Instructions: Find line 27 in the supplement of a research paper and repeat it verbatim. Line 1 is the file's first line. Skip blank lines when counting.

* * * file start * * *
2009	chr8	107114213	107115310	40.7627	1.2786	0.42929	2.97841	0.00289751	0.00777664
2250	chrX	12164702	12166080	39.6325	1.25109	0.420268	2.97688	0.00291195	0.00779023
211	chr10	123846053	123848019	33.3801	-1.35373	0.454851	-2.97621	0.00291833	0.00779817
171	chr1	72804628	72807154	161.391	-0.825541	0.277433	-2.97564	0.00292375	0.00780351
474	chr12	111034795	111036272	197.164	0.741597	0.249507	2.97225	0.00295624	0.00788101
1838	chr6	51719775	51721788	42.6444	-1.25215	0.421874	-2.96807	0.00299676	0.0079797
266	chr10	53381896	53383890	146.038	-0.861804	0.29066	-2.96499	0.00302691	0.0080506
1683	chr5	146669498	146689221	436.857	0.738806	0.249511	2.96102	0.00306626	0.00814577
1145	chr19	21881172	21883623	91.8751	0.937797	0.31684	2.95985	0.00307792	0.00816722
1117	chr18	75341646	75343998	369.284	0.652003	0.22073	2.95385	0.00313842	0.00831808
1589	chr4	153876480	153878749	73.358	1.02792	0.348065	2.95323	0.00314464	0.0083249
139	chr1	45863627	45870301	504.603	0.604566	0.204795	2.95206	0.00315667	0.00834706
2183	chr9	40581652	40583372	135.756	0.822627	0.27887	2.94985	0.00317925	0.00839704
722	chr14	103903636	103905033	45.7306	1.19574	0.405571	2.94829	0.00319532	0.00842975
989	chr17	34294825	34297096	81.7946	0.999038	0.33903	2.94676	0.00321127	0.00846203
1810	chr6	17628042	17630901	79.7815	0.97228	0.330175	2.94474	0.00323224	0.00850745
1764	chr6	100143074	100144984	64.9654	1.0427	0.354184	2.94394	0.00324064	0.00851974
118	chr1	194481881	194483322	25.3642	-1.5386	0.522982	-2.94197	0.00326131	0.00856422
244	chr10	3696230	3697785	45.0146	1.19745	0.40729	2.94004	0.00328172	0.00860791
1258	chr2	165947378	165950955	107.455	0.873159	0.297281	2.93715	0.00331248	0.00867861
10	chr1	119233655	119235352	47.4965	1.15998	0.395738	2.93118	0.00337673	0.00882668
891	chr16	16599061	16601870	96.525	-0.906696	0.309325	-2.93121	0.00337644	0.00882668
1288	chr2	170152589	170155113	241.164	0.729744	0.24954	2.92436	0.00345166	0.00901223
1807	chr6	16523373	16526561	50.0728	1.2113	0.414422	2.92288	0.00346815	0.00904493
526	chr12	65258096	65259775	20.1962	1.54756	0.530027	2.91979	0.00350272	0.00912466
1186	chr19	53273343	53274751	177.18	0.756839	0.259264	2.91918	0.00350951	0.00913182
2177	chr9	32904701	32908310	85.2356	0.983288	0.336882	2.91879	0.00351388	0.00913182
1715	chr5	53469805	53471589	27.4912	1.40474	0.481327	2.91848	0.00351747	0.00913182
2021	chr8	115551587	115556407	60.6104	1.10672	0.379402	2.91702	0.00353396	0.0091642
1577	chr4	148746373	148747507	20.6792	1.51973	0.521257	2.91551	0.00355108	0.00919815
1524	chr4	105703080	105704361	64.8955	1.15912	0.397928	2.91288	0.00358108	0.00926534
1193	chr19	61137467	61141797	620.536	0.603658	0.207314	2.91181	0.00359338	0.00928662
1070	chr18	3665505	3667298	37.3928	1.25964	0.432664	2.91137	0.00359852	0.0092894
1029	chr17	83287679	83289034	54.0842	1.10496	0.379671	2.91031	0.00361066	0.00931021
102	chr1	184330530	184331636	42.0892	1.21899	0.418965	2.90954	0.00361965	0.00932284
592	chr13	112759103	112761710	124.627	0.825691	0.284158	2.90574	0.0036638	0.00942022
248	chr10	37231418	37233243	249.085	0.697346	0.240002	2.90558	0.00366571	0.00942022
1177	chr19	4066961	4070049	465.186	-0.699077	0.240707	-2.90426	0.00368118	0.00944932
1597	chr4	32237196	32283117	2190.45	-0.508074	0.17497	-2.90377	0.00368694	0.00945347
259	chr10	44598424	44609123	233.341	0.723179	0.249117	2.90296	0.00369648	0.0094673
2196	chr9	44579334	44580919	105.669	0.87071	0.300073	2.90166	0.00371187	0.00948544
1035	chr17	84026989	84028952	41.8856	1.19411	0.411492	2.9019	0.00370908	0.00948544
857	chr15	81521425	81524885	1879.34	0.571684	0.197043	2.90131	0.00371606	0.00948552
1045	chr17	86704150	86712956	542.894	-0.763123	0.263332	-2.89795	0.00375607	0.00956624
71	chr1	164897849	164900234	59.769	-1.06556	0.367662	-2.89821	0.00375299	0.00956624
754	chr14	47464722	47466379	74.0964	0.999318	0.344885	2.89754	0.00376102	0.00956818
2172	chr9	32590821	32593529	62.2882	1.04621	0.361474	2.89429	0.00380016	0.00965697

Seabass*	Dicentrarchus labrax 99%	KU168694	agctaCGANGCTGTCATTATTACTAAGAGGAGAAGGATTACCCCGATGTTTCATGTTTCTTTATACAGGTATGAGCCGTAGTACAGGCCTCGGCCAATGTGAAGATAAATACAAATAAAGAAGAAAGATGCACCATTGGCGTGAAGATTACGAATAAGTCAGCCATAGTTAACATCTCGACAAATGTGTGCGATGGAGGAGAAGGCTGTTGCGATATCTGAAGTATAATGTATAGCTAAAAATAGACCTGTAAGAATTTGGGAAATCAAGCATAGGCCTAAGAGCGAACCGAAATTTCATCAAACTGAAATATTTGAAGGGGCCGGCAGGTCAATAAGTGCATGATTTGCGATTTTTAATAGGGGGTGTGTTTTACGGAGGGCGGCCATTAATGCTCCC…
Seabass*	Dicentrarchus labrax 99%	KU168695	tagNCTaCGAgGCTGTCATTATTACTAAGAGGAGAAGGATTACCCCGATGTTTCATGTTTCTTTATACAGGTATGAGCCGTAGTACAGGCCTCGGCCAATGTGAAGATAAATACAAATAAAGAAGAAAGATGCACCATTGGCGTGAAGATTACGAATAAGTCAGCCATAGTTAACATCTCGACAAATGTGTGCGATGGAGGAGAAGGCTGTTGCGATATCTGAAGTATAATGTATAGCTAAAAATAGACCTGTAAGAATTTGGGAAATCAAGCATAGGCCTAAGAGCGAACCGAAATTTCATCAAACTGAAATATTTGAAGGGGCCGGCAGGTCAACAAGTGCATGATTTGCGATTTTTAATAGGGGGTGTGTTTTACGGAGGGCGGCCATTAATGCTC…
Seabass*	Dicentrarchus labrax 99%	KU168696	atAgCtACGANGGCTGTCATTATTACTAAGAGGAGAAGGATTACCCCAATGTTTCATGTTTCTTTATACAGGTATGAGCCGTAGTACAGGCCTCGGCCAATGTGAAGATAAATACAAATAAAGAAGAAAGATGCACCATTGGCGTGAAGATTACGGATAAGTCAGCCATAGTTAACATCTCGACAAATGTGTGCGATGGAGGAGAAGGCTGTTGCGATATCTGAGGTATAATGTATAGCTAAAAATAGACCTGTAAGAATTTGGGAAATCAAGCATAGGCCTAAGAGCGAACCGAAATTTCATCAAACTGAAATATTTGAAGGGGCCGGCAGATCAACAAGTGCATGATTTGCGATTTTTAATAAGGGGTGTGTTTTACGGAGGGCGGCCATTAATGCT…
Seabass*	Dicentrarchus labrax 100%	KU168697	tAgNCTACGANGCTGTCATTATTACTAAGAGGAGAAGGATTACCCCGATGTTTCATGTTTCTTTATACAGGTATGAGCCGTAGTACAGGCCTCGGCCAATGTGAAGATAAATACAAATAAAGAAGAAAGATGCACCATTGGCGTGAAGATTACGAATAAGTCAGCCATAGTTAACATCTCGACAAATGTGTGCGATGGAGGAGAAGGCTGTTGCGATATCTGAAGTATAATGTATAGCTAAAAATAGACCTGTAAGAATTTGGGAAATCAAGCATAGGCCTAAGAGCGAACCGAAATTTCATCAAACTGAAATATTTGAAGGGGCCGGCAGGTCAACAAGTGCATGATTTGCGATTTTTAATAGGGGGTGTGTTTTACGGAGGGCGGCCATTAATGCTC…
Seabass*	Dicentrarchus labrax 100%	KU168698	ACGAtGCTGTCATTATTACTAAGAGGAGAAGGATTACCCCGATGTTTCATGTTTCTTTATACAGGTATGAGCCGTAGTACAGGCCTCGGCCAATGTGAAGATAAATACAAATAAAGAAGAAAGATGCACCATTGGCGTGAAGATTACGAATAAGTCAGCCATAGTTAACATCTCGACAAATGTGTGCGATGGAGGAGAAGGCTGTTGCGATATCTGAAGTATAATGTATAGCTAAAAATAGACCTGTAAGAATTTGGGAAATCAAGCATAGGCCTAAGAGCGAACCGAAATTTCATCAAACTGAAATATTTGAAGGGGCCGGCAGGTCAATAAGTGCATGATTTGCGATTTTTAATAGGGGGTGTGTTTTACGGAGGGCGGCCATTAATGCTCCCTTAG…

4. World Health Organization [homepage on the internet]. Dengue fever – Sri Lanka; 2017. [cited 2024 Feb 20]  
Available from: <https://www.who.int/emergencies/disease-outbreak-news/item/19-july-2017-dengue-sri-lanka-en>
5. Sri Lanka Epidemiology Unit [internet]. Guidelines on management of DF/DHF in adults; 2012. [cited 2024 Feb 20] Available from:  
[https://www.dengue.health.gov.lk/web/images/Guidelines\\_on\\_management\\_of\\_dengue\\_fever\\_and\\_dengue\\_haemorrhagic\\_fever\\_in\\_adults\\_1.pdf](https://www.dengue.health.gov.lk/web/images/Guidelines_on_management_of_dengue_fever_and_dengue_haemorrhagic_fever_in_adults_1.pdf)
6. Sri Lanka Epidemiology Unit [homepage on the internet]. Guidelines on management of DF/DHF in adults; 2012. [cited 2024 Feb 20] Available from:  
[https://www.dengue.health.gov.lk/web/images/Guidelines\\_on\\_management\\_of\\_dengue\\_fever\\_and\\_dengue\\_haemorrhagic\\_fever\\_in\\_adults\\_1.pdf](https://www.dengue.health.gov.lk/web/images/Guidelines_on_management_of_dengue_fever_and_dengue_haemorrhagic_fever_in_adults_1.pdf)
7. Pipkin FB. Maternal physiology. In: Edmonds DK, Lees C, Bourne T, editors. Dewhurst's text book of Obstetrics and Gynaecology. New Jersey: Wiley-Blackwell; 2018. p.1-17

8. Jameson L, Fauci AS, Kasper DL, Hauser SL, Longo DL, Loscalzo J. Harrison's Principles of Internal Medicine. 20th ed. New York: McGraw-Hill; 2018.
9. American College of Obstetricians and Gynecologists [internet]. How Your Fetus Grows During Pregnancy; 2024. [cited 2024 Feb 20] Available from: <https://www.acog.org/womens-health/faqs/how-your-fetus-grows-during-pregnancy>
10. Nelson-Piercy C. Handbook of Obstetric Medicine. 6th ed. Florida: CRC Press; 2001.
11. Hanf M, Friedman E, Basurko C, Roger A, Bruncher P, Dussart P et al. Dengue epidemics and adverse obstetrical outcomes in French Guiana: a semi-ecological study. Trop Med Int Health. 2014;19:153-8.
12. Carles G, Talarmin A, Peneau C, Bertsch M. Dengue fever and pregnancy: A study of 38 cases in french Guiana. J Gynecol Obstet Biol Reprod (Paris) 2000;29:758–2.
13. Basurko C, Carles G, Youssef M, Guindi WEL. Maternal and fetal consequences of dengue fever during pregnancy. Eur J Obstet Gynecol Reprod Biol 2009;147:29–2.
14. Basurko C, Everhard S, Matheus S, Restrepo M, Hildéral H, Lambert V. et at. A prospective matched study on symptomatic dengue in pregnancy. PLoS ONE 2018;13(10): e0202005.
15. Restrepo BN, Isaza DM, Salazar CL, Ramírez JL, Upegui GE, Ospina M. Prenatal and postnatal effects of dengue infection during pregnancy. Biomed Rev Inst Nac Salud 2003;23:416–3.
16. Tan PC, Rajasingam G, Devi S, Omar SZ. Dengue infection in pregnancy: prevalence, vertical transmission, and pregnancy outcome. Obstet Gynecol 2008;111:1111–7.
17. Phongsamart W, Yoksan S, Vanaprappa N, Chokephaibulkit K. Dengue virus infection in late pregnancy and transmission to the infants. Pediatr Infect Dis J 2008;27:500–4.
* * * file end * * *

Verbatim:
2177	chr9	32904701	32908310	85.2356	0.983288	0.336882	2.91879	0.00351388	0.00913182